WEDNESDAY, March 23 (HealthDay News) -- Normal weight adults appear to consume significantly more calories when they are sleep deprived, according to research presented at the American Heart Association's Nutrition, Physical Activity, and Metabolism/Cardiovascular Disease Epidemiology and Prevention 2011 Scientific Sessions, held from March 22 to 25 in Atlanta.
Marie-Pierre St-Onge, Ph.D., of Columbia University in New York City, and colleagues conducted a randomized, cross-over, inpatient study, in which 13 men and 13 women were tested during two phases of six days each that included short sleep (four hours/night in bed) and regular sleep (nine hours/night in bed). During the first four days of each phase, patients consumed a controlled diet. However, during the last two days of each phase, food intake was self-selected and measured.
The investigators found that adults consumed significantly more calories during short sleep than regular sleep (295.6 kcal more), mostly due to increased consumption of fat (20.7 g more), notably saturated fat (8.7 g more). There was also a nonsignificant trend for greater consumption of protein associated with short sleep as compared to regular sleep. Both men and women consumed more calories with short sleep, with women eating an average of 328.6 kcal more during short sleep compared to regular sleep (P = 0.07) and men eating 262.7 kcal more during short sleep (P = 0.15). Women also consumed 30.7 g (P = 0.04) more fat on short compared to regular sleep, while men had no significant difference in fat intake between short and regular sleep.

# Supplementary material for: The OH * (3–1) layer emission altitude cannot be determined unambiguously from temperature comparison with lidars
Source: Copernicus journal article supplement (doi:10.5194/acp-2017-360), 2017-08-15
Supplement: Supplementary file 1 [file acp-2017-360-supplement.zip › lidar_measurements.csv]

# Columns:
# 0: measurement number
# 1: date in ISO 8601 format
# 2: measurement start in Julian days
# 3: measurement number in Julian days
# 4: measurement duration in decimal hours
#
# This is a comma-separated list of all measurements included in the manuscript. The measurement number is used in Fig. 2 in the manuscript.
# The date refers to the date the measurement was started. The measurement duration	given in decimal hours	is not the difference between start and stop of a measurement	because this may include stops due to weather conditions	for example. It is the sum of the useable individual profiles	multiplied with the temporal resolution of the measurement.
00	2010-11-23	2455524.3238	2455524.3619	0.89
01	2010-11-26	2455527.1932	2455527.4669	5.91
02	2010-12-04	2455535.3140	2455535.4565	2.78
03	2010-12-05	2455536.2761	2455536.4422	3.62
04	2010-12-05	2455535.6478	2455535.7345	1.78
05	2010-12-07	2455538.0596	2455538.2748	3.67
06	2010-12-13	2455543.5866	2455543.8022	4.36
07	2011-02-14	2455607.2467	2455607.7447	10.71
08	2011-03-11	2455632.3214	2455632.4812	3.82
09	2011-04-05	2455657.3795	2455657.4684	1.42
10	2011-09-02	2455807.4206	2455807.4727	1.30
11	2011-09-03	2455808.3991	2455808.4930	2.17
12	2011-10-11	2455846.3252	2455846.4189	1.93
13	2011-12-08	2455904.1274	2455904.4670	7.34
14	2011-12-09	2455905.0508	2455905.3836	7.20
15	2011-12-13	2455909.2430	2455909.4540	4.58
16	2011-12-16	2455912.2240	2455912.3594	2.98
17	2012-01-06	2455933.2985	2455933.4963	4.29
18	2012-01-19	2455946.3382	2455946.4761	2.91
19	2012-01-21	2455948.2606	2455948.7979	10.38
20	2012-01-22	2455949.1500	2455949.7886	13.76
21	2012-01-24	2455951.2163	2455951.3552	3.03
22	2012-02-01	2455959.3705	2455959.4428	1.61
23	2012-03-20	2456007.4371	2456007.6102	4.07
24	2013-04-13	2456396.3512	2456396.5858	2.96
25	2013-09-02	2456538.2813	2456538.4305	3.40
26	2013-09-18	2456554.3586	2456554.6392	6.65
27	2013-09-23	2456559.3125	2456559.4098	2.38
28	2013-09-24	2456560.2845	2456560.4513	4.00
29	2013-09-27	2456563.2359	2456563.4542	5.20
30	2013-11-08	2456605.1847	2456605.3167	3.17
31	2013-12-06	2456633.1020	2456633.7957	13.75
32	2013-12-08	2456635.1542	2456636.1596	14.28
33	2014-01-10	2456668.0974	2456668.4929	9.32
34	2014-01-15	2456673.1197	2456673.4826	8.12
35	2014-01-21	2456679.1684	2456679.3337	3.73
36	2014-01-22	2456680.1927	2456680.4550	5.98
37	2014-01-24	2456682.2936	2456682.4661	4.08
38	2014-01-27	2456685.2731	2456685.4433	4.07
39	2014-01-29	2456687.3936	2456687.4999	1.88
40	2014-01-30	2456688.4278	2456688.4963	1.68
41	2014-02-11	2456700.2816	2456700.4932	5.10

"Our data show that reducing sleep increases energy and fat intakes, which may explain some of the association observed between sleep and obesity. If sustained, the dietary choices made by individuals undergoing short sleep would predispose one to obesity and increased risk of cardiovascular disease," the authors write.